This handy tool makes it easy to record short videos, take screenshots, and annotate them with arrows and text. Everything is stored in the cloud, too. It’s helpful for when you’re trying to point out how to do something on a website, or send a short video to show them what you’re talking about if your emails don’t make sense.

Ahrefs

A very fine suite of tools for your SEO efforts, and the only one I use. I use it for keyword and competitor research, tracking our rankings, watching for mentions and links to our company, and that sort of thing. The content on their website is outstanding.

ContentStudio

My content marketer uses this. I don’t really know how, but figured I should include it since we’re technically using it.

Chase Bank

The most technologically advanced bank in the USA. Their website and apps are straightforward and I’ve never had an issue with their customer service. They’re also my credit card processor, although I use Authorize.net for the payment gateway.

I might get special treatment since I’m a business owner that gives them a lot of business.

Gusto

Our HR/payroll/benefits provider. These guys rock! Without them, I don’t know how I would have handled the nightmare of hiring and paying employees. How did people exist without this 10 years ago?!

Stocky

Our inventory management app that works with Shopify. The developer is a quick responder and has made several custom features for us and others. For some reason, all the inventory apps I’ve used on Shopify were pretty lame and this was the best one I could find. It’s not pretty, but I like the team behind it and it works well enough.

Accentuate

Shopify’s backend for editing content on a product page isn’t very good, and this app addresses it. It’s kinda hard to explain what it does, but I’ll try. If you want to edit a description for a product, there is only one text box in the Shopify backend for you to edit and format with their rich text editor. It’s really hard to have content/formatting within a single text field.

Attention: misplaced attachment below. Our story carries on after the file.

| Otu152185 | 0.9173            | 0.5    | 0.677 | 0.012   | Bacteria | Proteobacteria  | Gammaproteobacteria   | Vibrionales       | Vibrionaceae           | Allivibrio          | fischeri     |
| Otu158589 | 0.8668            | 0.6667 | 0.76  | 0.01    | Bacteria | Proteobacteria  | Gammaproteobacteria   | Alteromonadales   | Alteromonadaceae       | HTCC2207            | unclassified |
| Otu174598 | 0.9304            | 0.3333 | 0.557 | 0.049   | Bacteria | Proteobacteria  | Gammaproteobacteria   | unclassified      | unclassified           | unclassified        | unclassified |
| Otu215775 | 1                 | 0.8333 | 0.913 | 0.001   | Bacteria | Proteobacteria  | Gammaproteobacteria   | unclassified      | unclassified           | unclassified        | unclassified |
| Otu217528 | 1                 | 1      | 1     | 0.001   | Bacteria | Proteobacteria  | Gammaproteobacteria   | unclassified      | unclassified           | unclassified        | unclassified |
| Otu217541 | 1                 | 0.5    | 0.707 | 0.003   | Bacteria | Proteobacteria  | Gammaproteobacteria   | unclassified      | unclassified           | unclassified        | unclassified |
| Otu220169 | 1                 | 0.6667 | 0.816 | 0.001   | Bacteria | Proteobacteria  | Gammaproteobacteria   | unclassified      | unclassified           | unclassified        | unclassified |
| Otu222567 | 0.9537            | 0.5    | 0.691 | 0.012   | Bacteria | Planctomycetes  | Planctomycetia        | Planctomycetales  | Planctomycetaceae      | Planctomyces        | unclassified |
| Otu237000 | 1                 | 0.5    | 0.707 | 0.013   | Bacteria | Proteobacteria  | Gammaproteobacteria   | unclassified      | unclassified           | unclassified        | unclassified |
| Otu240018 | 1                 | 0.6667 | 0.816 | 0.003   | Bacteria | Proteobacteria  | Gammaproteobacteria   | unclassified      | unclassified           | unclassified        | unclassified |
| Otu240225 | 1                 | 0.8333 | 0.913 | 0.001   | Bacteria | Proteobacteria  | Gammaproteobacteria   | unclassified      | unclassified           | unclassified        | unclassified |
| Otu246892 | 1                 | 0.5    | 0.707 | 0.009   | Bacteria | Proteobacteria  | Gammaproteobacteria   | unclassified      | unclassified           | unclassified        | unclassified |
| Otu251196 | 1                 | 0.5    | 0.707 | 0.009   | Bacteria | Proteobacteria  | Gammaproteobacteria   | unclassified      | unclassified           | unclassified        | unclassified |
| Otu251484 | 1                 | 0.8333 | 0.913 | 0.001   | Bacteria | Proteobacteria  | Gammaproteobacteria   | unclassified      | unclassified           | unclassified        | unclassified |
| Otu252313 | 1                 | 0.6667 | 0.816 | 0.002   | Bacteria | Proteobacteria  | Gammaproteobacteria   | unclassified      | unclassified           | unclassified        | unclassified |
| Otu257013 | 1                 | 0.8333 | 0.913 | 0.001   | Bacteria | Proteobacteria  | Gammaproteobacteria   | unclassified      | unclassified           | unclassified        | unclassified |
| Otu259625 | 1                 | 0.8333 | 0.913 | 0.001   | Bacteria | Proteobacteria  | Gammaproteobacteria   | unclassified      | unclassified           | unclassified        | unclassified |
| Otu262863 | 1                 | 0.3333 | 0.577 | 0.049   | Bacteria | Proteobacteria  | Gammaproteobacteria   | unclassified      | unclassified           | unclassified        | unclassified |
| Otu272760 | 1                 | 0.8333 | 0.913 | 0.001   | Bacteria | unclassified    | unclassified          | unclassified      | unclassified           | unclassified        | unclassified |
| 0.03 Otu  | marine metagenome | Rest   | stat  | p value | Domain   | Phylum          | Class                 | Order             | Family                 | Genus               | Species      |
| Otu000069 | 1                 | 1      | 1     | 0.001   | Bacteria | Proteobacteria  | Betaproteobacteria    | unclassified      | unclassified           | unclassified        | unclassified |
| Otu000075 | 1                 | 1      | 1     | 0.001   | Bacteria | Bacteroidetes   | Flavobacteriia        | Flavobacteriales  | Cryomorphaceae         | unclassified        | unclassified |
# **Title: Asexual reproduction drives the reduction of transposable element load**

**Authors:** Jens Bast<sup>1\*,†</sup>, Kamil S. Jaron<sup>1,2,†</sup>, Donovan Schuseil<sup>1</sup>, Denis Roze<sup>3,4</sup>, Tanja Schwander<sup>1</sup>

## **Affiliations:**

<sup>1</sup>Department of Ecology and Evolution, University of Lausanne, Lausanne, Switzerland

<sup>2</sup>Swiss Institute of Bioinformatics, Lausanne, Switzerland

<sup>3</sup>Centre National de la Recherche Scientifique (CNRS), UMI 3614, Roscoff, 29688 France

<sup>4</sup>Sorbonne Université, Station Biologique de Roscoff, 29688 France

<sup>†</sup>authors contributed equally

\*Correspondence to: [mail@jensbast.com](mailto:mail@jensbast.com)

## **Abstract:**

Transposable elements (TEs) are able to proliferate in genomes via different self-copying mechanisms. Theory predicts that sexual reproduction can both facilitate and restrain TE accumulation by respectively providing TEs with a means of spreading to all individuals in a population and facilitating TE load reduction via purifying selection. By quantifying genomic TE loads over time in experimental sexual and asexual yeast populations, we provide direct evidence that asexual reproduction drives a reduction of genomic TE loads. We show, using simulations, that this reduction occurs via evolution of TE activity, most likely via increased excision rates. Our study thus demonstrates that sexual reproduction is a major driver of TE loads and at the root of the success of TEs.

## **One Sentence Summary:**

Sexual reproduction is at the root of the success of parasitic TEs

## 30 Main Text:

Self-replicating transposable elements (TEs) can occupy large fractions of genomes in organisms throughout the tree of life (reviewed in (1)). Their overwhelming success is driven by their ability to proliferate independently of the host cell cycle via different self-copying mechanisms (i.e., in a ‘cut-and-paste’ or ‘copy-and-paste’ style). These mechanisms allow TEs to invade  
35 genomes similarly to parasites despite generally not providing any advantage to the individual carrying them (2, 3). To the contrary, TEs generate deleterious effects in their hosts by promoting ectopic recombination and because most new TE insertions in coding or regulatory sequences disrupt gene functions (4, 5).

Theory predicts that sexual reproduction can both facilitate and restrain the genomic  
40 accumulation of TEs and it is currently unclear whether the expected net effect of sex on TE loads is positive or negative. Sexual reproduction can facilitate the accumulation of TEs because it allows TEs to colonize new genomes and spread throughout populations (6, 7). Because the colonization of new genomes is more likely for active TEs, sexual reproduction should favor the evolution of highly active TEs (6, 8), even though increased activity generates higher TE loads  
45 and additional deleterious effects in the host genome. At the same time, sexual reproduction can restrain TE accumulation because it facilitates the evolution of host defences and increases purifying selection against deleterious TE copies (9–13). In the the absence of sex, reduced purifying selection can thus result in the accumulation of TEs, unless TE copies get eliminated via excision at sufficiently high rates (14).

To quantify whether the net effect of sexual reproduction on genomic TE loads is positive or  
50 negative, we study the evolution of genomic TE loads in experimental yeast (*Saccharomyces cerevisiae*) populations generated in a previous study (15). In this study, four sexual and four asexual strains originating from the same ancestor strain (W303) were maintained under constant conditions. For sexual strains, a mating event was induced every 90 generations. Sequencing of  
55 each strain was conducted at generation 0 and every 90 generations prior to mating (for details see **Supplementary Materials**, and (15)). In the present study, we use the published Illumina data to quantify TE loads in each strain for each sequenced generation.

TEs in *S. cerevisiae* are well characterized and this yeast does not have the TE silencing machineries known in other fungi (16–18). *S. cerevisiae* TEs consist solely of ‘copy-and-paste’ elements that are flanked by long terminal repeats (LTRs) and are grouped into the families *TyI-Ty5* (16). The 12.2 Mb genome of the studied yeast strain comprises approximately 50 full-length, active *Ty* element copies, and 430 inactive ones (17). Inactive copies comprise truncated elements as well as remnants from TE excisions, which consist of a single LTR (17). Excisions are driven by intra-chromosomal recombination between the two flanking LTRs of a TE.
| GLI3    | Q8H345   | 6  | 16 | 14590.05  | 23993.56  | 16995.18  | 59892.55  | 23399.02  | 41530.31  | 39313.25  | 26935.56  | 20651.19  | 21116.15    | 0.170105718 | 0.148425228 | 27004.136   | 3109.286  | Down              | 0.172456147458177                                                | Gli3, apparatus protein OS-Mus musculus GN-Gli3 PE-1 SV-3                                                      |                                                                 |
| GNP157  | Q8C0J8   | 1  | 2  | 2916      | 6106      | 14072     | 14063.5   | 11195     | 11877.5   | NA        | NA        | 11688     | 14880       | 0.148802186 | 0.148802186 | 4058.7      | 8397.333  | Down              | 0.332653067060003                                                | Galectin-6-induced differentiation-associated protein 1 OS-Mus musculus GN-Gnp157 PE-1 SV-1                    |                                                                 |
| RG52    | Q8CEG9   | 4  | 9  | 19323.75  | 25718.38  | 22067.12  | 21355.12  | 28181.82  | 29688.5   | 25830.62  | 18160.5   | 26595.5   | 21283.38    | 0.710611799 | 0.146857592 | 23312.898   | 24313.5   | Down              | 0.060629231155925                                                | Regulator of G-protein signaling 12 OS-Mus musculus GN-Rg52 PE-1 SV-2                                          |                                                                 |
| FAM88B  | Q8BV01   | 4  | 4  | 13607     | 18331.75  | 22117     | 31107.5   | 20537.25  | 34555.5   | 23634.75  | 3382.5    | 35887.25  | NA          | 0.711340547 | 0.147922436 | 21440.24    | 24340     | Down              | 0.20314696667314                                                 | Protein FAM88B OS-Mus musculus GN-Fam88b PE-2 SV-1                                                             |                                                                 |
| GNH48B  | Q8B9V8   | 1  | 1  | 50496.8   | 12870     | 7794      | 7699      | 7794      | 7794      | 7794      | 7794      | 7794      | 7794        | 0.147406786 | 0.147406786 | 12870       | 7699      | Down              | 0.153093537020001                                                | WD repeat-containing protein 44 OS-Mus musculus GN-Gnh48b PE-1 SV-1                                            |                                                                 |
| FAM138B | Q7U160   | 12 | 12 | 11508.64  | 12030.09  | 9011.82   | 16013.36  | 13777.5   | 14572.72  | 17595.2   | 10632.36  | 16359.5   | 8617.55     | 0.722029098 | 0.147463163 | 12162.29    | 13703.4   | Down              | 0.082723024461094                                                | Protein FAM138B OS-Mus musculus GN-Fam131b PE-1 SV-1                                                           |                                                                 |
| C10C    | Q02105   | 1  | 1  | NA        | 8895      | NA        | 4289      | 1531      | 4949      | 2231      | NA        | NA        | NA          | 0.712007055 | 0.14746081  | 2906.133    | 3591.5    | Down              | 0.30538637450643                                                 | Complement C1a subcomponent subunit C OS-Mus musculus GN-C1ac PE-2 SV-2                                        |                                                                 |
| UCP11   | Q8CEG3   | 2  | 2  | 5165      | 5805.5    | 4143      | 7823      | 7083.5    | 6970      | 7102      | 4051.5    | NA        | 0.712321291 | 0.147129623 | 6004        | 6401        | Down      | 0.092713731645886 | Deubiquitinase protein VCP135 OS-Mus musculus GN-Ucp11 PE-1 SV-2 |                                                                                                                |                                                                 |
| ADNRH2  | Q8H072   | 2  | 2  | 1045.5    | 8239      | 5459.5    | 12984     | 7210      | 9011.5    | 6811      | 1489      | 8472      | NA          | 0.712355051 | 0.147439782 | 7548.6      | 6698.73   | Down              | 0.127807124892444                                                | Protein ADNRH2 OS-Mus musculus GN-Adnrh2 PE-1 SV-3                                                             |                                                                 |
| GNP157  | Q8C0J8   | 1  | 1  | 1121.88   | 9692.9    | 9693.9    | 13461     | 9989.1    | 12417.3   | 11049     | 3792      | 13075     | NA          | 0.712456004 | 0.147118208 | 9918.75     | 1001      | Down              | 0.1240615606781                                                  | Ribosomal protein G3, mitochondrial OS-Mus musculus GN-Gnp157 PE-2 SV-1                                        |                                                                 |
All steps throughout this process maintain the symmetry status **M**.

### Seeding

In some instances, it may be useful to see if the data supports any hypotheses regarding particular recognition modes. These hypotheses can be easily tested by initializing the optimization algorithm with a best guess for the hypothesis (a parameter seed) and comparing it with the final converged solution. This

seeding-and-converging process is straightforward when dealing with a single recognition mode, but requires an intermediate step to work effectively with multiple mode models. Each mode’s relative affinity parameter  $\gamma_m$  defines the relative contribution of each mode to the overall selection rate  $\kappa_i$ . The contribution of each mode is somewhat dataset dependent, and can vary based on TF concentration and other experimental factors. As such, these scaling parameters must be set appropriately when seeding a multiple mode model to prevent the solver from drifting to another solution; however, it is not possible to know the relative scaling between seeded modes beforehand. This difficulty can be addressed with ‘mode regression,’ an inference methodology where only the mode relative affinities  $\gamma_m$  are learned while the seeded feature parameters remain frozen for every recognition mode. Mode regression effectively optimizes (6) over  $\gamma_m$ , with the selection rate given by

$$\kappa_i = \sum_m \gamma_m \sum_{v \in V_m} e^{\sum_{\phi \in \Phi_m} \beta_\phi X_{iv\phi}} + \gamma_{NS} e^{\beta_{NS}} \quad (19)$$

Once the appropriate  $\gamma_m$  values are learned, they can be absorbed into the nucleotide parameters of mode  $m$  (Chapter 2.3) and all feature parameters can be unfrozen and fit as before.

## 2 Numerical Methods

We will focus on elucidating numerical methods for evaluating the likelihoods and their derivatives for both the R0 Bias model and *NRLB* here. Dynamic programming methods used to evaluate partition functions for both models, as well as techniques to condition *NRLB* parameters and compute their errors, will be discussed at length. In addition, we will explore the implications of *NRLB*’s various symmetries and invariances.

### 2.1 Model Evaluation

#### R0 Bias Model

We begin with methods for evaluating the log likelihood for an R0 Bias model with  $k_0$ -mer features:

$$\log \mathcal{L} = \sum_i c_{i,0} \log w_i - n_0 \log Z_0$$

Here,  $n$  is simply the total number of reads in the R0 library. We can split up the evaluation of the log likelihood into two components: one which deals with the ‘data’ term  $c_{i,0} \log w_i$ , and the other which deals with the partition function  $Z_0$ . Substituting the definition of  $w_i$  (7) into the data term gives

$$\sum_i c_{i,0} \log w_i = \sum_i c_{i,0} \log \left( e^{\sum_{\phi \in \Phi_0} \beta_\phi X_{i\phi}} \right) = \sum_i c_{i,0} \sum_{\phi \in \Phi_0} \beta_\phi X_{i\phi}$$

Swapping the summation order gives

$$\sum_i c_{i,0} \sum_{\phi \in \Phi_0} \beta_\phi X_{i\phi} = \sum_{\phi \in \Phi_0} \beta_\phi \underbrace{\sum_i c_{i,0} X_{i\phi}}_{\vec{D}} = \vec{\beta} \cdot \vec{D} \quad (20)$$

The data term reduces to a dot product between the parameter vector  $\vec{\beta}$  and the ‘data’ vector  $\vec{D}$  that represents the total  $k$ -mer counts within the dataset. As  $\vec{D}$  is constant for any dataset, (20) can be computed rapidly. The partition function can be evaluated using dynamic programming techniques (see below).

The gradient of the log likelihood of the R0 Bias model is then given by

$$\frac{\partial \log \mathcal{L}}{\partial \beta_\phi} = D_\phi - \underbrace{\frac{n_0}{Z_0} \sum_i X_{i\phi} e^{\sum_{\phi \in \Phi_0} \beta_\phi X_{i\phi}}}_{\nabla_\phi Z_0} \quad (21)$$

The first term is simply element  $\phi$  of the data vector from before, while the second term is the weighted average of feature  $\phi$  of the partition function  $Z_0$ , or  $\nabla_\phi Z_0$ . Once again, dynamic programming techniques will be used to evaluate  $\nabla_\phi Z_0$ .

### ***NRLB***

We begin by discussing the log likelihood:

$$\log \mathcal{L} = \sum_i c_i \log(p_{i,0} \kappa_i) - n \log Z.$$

This app breaks everything up into many text fields, so now we have one text field for a YouTube product video, 5 text fields for the tabs of our product description (FAQs, specs, etc.), another text field for bullet points that go below the add to cart box…. and it all gets published exactly where it needs to go on the page.

Bundles

An app that lets us sell a single SKU on the website, but when we fulfill it, it will pull multiple SKUs from inventory. So if someone orders a GPS tracker kit on the site that’s a single SKU, but has 3 backend SKUS (tracker, case, extended battery), it handles all the inventory correctly. It shouldn't be $10 a month, but okay.

Google Shopping App

This app has been very helpful with syncing Shopify to Google Shopping for the last 4 years. Unfortunately is about to get ‘updated’ in such a way that destroys the main functionality. We’ll likely be switching to DataFeedWatch.

Loop Returns

Self-service returns for Shopify stores. Processing returns is a burden for any customer care team, and this software makes it so we don’t even need to talk to customers. They key in the order data, select what items they want to return, and a label pops out.

Google Optimize 360

We installed this on the site a couple weeks ago for some A/B testing my friend is doing. It shows half my customers one version of a page and the other half a different version, and we can statistically determine which one performs better by measuring user activity and overall sales.

On a different note, why did Google rename have their stuff and add 360 at the end? Real creative, guys (please don't shut down my accounts).

Optin Monster

I bought a lifetime membership back in 2013 when they launched but didn’t use it until Black Friday 2018.

Rewind

Useful for backing up Shopify stores. My developer told me to get it but I haven't actually had to use it yet. $99/month insurance policy.

Searchandise

Powerful search feature for Shopify that’s only $9/month. Very useful for collecting keywords customers are typing in, deciding what shows up in the results and what doesn’t. I haven’t optimized this as best as possible, but this is a priority for Q1 2019.

TunnelBear VPN

Gotta be safe when using unknown WiFi networks while at a coffee shop or traveling abroad. This thing encrypts all your traffic so people can’t snoop on you. I never hear it mentioned when VPNs get discussed, and they have the BEST branding of any VPN out there.

Incfile

I used this to incorporate my LLC in Delaware several years back. Easy, affordable, and great customer service. If anything gets sent to them in the mail, they scan it and email it to me.

Rocket Lawyer

Easy legal tool you can use that's helpful for drafting up quick NDAs, agreements, etc.

Other ‘How I Work’ links:

Tim Ferriss

Nat Eliason

Ryan Kulp

Ryan Holiday

Jason Fried of Basecamp

DHH of Basecamp

Tim Chen of Nerdwallet

Luis von Ahn from Duolingo

Alton Brown

37 Tools NeedWant.com Uses